There’s 25 art pieces on display, and it’s all arranged by Phillips the auction people – apparently the first Banksy exhibition in Taipei!
The Girl with Balloon screen print is perhaps the most famous, it’s now worth £80,000 after the shredding of the canvas at an auction last year. “Created as a stencil street art piece in 2002, the image of a young girl with her hand stretched toward a heart-shaped red balloon has become a symbol of political protests — such as during the Syrian civil war in 2014″….
Quoting Picasso, Banksy wrote on his post: “The urge to destroy is also a creative urge — Picasso” …
These are my favourites at the exhibition…
And the one that made me smile is the one with the shopping trolleys, titled ‘Trolley Hunters’...
So if you’re in Taipei this week, then do go and visit!
Many congratulations from St. James’ Church, Taiwan – to Bishop Dixie on his retirement, and to Bishop Rex on his installation – YES!
A group of 6 of us from St. James’ Church, Taichung, Taiwan had the honour of attending the installation service of Bishop Rex Reyes as the new bishop of the Episcopal Diocese of Central Philippines (EDCP) on Thursday March 14, 2019. Thanks be to God!
And I had the fun of taking photos from all angles and heights…
And the place was packed with busy people as EDCP were holding their 47th diocesan annual convention in the provincial offices from March 12-14…
The convention culminated in the installation service of the new bishop, held at the diocesan ‘pro-cathedral’ at St. Stephen’s Parish, in the ‘China Town’ area of Manila – not to be confused with the National Cathedral, which is for the whole province of the Philippines. Yes, it’s kinda complicated having both provincial and diocesan buildings in the same city, especially when getting from one to another may involve long hours in traffic. This was us arriving on Wednesday evening and driving from the airport into the city…. hey, it’s all part of the experience; even traffic jams are ‘more fun in the Philippines’ as the advertising slogan goes!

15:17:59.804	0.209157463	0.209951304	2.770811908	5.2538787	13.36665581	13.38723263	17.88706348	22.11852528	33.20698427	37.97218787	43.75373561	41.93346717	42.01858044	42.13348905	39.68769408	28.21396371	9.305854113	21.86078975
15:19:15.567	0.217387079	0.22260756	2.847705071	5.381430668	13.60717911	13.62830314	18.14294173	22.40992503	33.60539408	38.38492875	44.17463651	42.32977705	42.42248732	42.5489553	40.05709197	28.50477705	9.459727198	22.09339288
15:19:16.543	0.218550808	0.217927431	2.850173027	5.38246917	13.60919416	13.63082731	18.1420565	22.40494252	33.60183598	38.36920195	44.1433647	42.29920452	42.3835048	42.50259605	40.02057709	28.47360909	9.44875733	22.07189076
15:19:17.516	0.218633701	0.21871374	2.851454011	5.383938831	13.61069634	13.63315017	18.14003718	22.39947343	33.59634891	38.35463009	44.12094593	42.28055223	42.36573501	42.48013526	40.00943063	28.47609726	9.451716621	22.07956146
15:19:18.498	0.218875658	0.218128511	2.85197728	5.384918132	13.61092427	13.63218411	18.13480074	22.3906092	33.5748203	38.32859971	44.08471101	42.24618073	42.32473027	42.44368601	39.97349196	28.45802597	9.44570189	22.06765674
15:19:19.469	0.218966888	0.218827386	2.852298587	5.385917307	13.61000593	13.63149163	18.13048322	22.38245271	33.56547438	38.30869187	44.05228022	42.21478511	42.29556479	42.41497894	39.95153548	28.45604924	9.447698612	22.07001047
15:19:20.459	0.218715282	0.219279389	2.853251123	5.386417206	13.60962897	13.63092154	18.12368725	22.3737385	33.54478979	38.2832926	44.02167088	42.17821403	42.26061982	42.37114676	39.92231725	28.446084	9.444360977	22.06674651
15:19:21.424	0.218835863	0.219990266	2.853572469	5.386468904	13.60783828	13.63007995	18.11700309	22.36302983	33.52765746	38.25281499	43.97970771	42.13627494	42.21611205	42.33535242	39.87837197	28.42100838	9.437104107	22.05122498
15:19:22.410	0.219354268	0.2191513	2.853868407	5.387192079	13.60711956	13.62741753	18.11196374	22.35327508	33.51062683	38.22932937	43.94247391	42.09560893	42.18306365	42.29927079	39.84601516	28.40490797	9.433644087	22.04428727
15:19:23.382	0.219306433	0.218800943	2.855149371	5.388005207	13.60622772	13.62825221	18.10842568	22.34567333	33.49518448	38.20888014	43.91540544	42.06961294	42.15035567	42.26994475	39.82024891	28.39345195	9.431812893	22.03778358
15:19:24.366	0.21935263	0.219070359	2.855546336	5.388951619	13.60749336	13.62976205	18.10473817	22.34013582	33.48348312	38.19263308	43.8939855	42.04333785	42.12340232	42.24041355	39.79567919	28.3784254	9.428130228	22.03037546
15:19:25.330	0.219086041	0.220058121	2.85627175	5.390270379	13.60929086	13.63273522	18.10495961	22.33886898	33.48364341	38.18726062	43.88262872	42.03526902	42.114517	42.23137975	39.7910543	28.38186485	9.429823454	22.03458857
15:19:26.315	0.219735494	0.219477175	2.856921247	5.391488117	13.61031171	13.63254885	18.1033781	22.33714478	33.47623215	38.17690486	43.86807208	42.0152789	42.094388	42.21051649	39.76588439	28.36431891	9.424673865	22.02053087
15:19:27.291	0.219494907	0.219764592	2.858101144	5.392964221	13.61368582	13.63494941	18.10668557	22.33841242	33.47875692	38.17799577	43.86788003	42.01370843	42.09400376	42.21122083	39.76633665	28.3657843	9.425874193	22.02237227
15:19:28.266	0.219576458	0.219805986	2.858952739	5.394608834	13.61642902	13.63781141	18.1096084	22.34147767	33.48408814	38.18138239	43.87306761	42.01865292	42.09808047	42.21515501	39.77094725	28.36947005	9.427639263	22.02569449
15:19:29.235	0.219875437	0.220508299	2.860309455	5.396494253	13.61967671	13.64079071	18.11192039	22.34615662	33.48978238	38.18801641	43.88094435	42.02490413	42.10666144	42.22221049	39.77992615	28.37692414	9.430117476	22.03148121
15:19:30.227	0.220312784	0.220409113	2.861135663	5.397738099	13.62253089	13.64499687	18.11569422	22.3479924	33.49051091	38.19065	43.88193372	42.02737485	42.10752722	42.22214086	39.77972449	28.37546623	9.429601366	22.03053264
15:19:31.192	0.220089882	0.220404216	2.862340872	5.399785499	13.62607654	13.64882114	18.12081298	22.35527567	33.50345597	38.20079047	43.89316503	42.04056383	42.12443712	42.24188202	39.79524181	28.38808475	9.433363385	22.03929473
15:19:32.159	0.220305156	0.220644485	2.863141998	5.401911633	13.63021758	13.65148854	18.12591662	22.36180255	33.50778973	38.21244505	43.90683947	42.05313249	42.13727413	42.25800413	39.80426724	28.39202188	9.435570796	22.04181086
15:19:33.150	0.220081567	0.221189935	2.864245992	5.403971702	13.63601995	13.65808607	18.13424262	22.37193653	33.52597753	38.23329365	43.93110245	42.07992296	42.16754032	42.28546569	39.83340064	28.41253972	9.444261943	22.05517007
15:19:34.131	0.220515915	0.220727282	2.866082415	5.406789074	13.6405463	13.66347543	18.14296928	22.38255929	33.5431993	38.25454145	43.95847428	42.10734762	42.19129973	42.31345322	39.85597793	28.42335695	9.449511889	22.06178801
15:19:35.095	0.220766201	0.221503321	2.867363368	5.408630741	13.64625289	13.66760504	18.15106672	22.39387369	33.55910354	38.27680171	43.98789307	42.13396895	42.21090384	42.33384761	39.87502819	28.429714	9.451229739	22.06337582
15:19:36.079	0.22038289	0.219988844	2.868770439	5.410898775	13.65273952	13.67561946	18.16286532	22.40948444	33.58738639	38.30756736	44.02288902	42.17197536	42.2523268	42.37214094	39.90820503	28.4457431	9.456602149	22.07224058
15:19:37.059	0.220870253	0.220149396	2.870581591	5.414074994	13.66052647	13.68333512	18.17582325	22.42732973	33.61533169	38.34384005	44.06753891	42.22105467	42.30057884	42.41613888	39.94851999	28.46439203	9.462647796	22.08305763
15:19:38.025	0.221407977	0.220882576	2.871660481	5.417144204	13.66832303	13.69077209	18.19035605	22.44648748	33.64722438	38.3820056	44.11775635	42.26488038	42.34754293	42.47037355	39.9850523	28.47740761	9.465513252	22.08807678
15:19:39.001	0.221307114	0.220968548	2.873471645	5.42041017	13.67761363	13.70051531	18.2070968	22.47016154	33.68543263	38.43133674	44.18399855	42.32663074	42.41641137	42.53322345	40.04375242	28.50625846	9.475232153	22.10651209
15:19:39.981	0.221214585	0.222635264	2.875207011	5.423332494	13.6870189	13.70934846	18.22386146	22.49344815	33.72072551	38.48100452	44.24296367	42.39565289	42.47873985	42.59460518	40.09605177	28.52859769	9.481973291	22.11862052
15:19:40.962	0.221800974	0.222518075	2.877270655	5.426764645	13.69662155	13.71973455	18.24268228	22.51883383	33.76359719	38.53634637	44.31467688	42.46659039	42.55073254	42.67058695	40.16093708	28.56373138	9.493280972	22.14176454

For historical reasons, the Episcopal Church in the Philippines is strongest among the indigenous Igorot people in the mountainous provinces of the northern Philippines, but many have moved south, looking for land to farm and settle on, and some have settled in the EDCP area around Manila (they, together with the 2 Chinese-speaking Episcopal churches in Manila, form the backbone of the EDCP today). The partnership between St. James’ Church, Taichung and EDCP started in 1998 when Bishop Manuel Lumpias wrote from Manila to Bishop John C.T. Chien in Taiwan describing how groups of Igorot Episcopalians gather to worship under mango trees due to lack of church buildings. Mango trees are everywhere in the Philippines, big and broad and shady; great for groups to meet under them on a temporary basis, but not much good in the rain!
Bishop Chien gave that letter to Rev. Charles C. T. Chen, then rector of St. James’ Church, Taichung, and Charles was deeply moved. He remembers how St. James’ itself started through the generosity of Christ Church, Greenville in the Diocese of Upper South Carolina (USC) and the United Thank Offering (UTO) way back in the early 1970’s. As Charles said, when he read Bishop Lumpias’ letter, “In Taiwan, we had nothing and we were so poor; now we have everything, so it is time for us to help others. Just as Christ Church and the UTO gave so willingly to us in our early days, so we want to express our thanks by sharing our wealth with others.”
And so Charles sprang into action, and within a short time, St. James’ Church had raised US$ 6,000 to build a church in EDCP. Then, on finding out that the village had no water supply, they raised a further US$ 3,000 to install a permanent water supply for the whole community. That church was Christ the King, Sandeline, Nueva Ecija, consecrated on July 27, 1999. But it was only the beginning, and through succeeding EDCP bishops, Bishop Benjamin Botengan and then Bishop Dixie Taclobao, the partnership expanded from that one church to eventually become 12 churches, all built with money raised by St. James’ Church. In many cases, it was individual donors from St. James who wanted to express their gratitude to God by building a church in the Philippines, in other cases it was a collective church effort.